The ability to lock down access to applications integrated into IBM i has been a long-time feature. This feature has been best known in the past as Application Administration and was often accessed either through IBM i Access for Windows using System i Navigator or by the Navigator for i web interface. With the introduction of New Navigator (the new Navigator for i web interface), the name of Application Administration has changed – sort of.
The feature as it’s accessed through the IBM i command line is called Function Usage. It can be accessed using the WRKFCNUSG command. New Navigator is now adopting this same name so that there is no confusion going forward as to what you’re working with. To access Function Usage in New Navigator, connect to the server you want to manage, hover over the padlock icon on the left, and then click Function Usage.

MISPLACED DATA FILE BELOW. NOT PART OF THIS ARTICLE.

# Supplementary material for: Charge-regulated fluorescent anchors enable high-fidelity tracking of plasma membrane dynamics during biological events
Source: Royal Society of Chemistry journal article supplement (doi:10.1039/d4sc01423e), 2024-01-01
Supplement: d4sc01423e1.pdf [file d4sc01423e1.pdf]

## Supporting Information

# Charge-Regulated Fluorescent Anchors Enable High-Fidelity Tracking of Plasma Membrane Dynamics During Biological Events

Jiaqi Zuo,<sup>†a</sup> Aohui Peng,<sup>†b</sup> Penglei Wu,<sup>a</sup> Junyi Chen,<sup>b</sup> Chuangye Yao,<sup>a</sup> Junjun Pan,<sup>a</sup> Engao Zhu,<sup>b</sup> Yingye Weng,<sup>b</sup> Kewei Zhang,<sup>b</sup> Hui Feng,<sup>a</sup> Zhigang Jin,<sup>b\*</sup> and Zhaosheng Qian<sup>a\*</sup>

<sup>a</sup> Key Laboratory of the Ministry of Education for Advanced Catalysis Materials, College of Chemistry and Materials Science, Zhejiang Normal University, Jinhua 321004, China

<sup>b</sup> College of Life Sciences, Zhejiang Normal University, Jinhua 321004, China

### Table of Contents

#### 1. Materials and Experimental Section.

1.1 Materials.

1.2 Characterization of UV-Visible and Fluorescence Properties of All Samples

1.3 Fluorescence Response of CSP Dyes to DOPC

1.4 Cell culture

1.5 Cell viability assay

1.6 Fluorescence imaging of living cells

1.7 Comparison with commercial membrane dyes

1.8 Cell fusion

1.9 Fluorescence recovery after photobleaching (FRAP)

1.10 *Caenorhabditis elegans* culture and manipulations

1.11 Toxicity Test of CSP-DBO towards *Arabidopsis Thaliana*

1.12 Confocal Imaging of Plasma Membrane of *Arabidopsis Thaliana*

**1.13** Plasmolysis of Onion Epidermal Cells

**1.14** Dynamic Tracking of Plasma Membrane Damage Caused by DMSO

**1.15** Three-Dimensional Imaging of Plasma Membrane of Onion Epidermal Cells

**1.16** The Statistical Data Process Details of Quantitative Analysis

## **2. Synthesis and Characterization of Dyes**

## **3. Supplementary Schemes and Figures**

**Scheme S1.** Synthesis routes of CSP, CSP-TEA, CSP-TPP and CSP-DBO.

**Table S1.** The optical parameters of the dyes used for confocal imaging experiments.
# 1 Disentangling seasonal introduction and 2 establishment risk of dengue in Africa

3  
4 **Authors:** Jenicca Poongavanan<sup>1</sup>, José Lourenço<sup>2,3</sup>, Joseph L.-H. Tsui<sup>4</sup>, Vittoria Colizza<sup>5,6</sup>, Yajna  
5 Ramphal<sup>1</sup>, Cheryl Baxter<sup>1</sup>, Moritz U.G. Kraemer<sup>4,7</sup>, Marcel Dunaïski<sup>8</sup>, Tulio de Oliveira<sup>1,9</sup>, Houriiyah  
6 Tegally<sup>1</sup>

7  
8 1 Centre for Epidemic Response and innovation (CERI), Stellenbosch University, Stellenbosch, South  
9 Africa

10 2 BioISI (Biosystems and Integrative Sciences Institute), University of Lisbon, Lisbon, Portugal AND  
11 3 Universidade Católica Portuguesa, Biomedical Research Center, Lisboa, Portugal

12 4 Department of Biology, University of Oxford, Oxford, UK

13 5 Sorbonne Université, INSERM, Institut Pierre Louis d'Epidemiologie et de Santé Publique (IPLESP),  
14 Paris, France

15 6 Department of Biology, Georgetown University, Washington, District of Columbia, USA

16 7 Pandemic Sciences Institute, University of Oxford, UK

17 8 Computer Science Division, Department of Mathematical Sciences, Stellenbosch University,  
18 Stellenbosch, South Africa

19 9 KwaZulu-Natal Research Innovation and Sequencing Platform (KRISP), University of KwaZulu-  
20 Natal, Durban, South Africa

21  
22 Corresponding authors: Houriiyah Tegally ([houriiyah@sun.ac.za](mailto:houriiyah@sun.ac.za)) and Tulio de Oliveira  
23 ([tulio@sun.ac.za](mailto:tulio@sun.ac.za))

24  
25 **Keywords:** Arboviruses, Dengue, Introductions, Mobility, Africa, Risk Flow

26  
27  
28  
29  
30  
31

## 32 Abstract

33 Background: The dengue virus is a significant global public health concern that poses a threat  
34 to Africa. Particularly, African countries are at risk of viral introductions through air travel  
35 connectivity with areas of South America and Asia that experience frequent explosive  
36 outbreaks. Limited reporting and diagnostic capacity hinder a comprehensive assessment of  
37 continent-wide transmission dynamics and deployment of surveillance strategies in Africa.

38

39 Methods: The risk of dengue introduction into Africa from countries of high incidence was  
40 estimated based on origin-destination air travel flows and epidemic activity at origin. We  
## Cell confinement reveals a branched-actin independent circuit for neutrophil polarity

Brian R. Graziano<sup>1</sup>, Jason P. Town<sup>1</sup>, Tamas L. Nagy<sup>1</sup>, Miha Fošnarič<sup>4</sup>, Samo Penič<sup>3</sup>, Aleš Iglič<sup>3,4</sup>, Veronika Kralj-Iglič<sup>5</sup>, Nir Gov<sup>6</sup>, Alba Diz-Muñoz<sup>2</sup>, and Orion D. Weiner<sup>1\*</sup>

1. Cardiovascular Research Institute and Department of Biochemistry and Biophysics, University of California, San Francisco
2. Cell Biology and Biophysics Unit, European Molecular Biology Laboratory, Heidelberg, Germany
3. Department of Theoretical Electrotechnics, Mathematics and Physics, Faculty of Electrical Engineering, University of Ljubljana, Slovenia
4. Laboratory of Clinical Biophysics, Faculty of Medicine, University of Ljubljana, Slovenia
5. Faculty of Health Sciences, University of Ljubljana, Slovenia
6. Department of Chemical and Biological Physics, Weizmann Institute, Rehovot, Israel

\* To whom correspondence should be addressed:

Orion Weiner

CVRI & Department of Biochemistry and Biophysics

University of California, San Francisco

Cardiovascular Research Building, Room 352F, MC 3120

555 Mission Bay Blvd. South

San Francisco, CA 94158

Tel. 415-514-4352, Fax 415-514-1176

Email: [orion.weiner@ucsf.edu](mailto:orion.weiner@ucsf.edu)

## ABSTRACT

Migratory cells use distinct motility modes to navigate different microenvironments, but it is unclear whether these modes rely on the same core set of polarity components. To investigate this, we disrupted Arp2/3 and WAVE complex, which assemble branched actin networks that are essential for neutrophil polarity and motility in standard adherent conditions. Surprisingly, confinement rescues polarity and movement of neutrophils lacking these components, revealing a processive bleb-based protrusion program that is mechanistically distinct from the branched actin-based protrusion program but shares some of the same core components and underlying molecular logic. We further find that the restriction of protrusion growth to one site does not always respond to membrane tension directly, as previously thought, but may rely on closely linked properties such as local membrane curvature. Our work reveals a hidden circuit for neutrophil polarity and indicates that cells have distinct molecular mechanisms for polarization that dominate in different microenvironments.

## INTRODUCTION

What comes on the screen next is a list of all the Function IDs that you can control access to on the system. The list is a bit overwhelming, as there are over 200 different Function IDs listed. Fortunately, each column has a built-in filter for quick searching. Today, for example, we’re going to look at locking down access to your FTP server. Type ‘logon’ in the Function Name column. Right-click on Logon Server and click Change.
There are two Default Authorities: Allowed and Denied. Both carry two different philosophies. Allowed is for those who want to allow access to everyone but deny a few users from accessing. Denied is for those who want to deny access to everyone but allow a few users to access. Most often you will choose the latter when locking down applications. For this example, we are denying all users but we are explicitly allowing user profile ITECHSOL to be able to access this function.
An excellent option on each of these Function IDs is *ALLOBJ special authority. Having it set to a value of Used means that if you are a profile with *ALLOBJ special authority, you are allowed to use it. If it’s set to Not used, then you cannot access it if you’ve been denied access. This allows you to easily give access to system administrators for functions like FTP or looking at job logs.
Using the example above, if I try to access the FTP server using my …
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